Some industry news out of Japan tells us that Toyota and Suzuki have made their courtship official in the way that multinational corporations do: by taking a stock stake in each other. The two companies announced a technology sharing partnership back in 2016, but it was made formal this week when Toyota paid ¥96 billion ($908 million USD) for a 4.94 percent share in Suzuki.
In return, Suzuki would buy ¥48 billion ($455 million USD) worth of Toyota stock, which ends up being just 0.2 percent of the automaking juggernaut. Ostensibly, the deal will allow the two to collaborate on technology in a rapidly changing automotive landscape. The convergence of electrification, autonomous driving, and ride sharing have created what Toyota President Akio Toyoda has called a “once-in-a-century” transformation of the industry.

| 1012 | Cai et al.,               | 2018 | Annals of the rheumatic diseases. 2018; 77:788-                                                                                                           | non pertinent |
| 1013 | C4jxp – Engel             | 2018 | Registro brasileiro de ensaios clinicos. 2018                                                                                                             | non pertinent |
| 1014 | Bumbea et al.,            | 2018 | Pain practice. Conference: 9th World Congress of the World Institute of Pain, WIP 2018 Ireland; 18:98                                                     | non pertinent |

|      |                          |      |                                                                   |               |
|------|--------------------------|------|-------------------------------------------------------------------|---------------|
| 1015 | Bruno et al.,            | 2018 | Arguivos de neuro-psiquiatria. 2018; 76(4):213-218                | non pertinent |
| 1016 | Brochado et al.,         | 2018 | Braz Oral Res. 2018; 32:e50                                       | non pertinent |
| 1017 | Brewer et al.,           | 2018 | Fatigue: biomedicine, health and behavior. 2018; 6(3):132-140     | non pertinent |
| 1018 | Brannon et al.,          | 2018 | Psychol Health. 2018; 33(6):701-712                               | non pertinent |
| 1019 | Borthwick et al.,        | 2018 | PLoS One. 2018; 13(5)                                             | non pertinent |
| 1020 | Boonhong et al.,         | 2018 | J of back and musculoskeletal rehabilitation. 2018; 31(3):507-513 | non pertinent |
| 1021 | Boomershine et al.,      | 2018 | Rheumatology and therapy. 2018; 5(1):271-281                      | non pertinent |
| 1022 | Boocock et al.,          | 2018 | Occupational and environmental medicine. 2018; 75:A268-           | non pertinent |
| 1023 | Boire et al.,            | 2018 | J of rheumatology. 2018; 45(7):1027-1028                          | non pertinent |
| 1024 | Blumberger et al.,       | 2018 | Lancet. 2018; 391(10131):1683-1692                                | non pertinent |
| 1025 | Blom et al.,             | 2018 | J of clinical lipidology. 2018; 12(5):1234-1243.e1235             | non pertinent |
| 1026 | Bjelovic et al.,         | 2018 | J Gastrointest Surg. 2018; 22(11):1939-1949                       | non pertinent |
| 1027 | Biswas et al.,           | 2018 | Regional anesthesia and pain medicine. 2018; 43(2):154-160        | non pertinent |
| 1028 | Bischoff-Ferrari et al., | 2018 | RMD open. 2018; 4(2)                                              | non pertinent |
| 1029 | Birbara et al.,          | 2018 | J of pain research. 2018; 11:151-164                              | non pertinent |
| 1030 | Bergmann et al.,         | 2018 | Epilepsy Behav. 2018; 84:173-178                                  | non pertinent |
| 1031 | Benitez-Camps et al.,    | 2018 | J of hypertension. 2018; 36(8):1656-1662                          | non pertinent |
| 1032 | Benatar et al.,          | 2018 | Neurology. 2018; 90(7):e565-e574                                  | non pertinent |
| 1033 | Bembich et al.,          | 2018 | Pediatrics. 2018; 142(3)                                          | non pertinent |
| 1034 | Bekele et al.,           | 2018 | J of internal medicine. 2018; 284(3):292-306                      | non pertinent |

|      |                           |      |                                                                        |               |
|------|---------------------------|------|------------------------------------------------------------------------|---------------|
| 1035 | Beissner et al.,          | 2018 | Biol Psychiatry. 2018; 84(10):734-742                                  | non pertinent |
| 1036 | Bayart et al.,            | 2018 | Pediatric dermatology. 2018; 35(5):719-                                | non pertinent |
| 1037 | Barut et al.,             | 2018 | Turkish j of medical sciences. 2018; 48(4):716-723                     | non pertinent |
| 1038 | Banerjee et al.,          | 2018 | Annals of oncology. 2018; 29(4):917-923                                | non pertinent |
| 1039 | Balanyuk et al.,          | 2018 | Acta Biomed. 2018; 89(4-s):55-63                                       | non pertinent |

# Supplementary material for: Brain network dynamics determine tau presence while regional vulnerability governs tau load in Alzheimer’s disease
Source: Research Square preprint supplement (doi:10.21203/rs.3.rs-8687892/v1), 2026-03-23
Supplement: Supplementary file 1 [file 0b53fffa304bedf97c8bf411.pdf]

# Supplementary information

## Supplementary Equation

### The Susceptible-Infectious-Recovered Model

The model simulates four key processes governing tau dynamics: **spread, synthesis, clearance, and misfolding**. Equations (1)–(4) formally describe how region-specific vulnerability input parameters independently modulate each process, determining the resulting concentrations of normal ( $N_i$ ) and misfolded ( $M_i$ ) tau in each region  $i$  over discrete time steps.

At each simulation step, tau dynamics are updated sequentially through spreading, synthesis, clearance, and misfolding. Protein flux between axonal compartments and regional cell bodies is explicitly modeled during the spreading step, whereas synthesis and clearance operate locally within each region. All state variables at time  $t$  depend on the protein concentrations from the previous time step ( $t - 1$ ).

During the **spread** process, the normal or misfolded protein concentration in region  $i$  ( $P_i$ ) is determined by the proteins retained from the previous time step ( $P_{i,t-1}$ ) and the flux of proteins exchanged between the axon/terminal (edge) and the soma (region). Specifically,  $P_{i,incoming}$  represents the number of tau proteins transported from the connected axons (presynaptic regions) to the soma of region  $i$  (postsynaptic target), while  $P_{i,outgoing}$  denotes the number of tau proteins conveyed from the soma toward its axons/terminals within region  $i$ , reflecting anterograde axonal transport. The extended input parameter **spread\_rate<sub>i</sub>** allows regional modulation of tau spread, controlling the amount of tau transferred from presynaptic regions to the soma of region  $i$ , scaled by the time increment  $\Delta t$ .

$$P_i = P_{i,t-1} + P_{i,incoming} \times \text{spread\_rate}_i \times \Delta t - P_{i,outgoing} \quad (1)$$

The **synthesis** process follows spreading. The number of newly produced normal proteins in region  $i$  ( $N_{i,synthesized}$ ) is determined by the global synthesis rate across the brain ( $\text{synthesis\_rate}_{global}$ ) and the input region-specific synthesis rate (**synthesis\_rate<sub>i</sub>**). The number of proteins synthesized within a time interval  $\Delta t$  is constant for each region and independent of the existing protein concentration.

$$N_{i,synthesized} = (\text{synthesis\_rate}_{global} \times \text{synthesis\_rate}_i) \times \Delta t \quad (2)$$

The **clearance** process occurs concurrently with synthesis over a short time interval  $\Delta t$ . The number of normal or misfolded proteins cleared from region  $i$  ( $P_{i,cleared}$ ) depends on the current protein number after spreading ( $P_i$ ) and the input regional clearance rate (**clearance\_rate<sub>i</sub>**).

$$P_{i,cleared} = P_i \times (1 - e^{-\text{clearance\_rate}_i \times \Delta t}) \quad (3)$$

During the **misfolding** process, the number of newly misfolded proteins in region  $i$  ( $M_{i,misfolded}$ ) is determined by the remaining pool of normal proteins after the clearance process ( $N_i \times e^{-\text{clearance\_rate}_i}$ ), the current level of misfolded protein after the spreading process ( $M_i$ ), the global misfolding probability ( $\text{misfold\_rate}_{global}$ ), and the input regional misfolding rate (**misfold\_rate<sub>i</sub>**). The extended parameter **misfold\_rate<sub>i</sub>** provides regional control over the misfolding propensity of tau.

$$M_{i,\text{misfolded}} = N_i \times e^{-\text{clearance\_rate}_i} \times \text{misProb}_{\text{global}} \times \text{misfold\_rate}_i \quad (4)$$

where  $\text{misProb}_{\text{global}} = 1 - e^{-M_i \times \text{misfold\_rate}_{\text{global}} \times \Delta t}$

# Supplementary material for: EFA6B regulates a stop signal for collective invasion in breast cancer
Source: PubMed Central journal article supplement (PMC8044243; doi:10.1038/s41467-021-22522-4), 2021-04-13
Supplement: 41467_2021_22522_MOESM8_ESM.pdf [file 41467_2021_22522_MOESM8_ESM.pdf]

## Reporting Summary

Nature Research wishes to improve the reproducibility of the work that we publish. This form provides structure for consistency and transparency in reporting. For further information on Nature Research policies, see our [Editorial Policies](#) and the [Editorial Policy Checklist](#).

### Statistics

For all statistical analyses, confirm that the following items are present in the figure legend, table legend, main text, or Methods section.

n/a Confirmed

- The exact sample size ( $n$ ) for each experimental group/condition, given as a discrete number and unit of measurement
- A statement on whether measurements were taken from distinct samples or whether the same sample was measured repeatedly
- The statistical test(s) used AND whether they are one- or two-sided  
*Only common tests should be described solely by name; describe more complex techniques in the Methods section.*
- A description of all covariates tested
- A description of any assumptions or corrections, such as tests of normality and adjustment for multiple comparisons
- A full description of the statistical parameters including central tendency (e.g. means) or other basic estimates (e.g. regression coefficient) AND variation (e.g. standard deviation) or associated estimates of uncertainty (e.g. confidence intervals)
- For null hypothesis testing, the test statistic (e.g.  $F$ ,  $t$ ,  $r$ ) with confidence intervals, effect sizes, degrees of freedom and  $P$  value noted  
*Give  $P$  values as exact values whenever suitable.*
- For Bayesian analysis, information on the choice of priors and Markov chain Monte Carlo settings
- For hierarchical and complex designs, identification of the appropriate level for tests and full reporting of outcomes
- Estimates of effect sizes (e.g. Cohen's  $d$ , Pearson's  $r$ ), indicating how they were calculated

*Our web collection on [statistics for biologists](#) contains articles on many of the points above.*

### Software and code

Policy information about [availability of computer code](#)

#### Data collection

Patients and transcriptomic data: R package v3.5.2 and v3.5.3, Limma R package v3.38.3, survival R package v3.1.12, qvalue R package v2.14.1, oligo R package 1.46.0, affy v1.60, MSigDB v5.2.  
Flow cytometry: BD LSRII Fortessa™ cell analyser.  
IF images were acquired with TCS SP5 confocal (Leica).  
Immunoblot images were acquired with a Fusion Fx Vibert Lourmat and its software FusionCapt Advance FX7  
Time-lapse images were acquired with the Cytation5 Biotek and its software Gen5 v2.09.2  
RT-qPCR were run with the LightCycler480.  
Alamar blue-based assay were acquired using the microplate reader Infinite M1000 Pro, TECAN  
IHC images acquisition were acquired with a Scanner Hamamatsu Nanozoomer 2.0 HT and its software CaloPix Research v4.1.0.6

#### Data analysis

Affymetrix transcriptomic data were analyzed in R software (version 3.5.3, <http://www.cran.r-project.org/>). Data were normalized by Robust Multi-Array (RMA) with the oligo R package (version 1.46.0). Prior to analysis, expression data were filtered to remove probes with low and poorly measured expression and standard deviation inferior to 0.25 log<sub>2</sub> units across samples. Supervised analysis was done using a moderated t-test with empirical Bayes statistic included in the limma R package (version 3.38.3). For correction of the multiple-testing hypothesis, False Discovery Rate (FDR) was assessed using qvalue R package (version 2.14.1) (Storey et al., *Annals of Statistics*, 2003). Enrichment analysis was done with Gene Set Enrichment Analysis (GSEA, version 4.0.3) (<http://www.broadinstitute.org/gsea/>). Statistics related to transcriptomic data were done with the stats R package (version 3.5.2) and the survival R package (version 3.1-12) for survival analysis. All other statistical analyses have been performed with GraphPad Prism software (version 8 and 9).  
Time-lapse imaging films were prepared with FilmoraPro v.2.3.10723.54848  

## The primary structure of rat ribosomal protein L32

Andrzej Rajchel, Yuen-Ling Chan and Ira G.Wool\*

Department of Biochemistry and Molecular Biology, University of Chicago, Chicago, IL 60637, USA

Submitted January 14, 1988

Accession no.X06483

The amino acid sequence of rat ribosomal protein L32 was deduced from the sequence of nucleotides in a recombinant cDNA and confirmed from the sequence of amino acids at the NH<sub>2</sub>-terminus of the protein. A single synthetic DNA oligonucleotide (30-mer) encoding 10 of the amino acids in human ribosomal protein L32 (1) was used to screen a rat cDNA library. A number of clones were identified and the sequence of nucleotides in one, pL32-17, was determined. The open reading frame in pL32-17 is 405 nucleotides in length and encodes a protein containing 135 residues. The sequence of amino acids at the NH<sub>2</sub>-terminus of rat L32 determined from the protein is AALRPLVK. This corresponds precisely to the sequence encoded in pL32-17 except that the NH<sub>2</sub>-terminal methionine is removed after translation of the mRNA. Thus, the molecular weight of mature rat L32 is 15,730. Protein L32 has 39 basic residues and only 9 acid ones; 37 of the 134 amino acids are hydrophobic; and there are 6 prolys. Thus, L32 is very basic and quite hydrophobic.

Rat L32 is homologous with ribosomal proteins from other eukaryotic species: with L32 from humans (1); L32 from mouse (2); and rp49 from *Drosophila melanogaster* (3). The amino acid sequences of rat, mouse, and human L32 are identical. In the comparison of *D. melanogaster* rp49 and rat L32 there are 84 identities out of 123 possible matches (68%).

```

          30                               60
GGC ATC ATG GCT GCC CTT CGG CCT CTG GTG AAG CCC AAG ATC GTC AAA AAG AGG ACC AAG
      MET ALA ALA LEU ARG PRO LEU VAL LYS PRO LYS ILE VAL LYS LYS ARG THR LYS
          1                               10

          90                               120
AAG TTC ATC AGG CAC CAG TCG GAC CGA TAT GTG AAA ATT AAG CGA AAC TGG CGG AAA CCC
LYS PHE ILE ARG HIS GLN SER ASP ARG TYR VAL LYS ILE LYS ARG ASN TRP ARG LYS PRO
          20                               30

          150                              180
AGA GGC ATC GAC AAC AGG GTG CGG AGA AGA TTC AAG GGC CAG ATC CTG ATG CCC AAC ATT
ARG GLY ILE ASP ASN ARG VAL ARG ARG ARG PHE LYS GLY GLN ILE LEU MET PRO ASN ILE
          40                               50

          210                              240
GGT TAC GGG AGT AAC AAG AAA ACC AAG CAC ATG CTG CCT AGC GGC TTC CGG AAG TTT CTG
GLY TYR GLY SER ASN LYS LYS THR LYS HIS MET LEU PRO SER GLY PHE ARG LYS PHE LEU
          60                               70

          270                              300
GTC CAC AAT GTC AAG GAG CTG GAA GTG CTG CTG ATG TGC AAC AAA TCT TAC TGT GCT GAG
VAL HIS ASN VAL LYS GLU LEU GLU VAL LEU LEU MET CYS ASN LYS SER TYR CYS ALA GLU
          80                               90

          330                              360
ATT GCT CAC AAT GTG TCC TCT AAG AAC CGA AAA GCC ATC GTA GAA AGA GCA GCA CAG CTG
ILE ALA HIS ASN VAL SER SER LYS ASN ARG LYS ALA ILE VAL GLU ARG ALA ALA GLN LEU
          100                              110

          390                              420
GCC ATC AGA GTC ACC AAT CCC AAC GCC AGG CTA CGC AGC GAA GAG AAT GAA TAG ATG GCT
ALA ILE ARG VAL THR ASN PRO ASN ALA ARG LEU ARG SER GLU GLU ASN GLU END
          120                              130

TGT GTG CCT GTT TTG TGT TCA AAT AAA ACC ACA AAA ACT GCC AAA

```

For those keeping track, Toyota has been on something of a buying spree, having taken a 16.5 percent stake in Subaru, a 5 percent share of Mazda, 5.9 percent of Isuzu, a controlling stake in Hino, and full ownership of Daihatsu.
It makes sense for Toyota if it doesn’t want to get left behind. The rest of the industry has forming alliances that would have been unthinkable just a few years ago — Ford and VW partnering on electric vehicles, BMW and Mercedes-Benz on autonomous cars.
When Toyota announced its partnership with Suzuki in 2016 we entertained the idea that it could lead to a Japanese Big Three, with Toyota-Daihatsu-Hino-Subaru-Isuzu-Mazda-Suzuki one one side, Nissan-Mitsubishi on the other, and Honda as a David facing down two Goliaths. Now that seems one step closer to reality, and it should prove interesting for Japan’s auto industry in the coming years.